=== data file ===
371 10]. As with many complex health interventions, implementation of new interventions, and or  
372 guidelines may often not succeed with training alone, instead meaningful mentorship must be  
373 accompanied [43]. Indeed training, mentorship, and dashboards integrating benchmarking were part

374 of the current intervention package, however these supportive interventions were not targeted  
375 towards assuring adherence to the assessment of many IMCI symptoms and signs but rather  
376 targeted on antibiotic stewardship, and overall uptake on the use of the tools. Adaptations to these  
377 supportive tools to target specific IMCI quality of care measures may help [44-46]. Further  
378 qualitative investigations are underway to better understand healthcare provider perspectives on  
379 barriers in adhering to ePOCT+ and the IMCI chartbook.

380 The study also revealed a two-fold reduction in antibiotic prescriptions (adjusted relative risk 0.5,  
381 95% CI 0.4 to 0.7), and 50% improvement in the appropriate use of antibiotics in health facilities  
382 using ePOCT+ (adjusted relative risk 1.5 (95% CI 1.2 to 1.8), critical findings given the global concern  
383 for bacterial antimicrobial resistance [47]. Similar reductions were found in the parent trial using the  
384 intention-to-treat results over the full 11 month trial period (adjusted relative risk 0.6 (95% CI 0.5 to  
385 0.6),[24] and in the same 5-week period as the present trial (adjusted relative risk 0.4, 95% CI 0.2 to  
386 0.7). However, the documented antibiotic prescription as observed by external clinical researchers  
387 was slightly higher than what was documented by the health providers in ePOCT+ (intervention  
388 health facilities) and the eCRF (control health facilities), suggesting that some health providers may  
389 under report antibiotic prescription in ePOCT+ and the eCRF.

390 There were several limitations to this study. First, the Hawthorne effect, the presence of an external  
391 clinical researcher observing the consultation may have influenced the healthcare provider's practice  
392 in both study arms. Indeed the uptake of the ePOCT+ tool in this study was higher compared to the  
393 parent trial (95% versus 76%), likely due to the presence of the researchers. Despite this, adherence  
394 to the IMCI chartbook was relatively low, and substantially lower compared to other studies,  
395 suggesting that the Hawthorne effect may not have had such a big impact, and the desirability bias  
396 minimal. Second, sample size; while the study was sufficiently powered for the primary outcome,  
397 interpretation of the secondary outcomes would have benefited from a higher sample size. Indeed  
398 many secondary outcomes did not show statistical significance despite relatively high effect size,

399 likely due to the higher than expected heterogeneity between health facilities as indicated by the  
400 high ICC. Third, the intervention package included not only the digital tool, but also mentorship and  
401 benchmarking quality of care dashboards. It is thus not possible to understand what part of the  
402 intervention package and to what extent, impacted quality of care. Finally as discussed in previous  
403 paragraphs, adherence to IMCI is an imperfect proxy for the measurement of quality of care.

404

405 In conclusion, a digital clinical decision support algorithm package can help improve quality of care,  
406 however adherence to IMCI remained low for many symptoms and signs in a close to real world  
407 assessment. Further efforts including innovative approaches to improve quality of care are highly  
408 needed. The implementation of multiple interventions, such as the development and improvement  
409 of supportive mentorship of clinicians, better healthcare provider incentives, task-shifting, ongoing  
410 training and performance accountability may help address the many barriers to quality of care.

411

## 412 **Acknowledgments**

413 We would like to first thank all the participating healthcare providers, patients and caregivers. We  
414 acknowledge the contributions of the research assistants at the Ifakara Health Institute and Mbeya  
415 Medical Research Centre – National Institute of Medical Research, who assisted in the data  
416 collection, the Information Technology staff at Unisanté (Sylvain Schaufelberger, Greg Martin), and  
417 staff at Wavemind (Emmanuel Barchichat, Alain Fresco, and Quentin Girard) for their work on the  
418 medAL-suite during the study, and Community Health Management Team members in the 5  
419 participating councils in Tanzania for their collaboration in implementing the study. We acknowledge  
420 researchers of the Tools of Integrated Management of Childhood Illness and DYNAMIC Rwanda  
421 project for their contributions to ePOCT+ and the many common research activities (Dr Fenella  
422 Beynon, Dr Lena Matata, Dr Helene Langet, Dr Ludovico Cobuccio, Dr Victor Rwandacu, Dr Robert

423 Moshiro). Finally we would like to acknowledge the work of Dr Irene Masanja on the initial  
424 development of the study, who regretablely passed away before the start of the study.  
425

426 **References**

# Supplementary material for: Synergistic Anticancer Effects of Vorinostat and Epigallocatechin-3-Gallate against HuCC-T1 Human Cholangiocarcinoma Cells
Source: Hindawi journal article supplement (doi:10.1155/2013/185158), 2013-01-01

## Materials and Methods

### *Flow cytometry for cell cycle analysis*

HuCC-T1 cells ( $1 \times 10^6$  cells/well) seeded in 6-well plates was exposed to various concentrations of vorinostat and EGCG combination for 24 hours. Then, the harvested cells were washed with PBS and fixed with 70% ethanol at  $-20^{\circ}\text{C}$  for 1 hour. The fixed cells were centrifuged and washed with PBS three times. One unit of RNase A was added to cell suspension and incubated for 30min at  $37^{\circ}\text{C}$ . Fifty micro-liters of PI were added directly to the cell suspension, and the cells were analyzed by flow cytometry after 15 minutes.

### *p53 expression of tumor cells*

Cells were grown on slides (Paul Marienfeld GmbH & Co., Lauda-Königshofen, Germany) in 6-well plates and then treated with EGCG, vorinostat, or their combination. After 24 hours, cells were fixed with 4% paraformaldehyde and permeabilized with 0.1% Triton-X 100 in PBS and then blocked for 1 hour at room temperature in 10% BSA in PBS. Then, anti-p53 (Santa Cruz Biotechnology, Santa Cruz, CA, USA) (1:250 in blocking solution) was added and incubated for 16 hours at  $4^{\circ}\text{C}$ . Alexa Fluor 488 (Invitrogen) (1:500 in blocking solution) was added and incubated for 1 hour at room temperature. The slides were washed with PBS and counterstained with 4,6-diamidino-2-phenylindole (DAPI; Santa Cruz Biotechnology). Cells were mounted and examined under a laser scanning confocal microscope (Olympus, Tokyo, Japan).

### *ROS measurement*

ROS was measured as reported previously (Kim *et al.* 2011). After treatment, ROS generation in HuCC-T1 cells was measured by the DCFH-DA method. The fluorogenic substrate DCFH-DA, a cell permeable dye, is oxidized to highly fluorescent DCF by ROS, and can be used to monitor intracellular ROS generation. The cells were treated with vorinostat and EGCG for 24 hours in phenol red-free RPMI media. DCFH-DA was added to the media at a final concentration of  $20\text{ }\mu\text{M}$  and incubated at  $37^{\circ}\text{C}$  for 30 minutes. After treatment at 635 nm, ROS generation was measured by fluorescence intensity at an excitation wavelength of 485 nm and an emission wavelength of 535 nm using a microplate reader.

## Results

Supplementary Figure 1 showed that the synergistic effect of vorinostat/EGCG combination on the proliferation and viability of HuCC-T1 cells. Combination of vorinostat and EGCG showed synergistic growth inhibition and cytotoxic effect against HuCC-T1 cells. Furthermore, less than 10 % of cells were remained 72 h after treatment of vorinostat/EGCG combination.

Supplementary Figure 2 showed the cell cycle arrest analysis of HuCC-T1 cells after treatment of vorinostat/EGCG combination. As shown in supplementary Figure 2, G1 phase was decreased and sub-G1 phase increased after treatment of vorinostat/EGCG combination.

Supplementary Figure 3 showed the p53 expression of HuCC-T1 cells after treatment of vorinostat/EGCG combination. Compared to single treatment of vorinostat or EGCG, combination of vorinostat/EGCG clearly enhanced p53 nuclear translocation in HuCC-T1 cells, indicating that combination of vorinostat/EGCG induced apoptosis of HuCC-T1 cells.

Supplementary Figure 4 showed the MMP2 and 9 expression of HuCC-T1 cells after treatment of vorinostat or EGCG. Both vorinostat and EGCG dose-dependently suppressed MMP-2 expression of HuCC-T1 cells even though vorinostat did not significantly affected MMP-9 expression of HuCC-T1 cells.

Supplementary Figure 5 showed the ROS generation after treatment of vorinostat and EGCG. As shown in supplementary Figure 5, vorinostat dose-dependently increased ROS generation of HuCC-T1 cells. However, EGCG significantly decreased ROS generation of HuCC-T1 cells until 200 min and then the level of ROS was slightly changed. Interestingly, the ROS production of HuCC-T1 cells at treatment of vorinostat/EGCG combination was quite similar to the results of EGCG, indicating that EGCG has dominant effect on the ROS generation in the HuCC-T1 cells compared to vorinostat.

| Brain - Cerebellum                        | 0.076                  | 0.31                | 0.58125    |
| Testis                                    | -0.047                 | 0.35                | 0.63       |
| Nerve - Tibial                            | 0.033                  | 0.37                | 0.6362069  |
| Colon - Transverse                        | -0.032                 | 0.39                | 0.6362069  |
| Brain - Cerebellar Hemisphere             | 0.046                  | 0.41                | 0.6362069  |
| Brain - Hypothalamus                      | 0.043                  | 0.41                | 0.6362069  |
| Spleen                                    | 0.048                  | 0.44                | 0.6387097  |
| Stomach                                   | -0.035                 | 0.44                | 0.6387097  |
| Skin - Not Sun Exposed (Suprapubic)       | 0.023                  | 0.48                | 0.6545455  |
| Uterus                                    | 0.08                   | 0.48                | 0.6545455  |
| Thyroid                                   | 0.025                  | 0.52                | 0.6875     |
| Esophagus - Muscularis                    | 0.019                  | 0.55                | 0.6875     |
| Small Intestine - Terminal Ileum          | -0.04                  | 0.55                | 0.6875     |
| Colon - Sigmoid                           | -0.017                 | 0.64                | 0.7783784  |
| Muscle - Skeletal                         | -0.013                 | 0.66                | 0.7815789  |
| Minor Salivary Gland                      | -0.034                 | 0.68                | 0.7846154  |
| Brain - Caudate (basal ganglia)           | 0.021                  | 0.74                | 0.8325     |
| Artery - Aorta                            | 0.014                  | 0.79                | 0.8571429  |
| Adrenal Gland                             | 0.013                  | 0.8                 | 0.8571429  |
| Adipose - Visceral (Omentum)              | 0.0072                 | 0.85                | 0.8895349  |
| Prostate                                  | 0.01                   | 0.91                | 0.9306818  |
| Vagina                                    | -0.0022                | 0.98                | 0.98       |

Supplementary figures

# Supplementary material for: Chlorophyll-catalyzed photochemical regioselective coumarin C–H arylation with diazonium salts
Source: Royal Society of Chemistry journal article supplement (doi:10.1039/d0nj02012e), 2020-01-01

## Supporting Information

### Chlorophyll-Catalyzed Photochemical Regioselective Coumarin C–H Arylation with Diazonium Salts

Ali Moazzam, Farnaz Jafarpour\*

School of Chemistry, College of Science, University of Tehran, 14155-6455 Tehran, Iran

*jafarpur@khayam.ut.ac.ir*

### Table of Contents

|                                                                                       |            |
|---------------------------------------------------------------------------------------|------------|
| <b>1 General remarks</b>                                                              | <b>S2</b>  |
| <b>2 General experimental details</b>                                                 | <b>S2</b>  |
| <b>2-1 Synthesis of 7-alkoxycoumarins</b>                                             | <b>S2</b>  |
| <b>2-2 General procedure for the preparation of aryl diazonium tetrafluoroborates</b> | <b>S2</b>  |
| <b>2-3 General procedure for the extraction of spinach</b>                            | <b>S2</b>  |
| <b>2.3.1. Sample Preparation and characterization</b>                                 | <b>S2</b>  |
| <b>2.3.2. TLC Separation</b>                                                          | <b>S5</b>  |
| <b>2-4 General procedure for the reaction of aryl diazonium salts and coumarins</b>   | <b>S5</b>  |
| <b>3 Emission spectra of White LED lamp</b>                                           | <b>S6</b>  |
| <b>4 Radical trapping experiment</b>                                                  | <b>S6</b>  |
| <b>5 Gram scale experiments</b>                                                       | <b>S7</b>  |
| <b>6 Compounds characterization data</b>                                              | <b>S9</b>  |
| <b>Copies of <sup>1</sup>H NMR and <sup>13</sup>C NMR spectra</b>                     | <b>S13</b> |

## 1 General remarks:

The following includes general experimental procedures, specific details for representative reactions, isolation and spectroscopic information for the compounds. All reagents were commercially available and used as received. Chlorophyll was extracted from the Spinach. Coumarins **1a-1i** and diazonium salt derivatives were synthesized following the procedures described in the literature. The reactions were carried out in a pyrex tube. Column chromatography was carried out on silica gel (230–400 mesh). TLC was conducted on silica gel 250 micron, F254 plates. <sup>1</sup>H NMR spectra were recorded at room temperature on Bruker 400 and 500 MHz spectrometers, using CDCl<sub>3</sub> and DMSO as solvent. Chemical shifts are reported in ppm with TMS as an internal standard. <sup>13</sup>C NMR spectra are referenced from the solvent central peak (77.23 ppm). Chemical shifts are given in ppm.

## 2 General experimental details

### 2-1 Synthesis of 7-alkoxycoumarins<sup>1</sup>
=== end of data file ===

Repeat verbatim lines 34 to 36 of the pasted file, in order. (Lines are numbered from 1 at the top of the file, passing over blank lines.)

404

405 In conclusion, a digital clinical decision support algorithm package can help improve quality of care,  
406 however adherence to IMCI remained low for many symptoms and signs in a close to real world  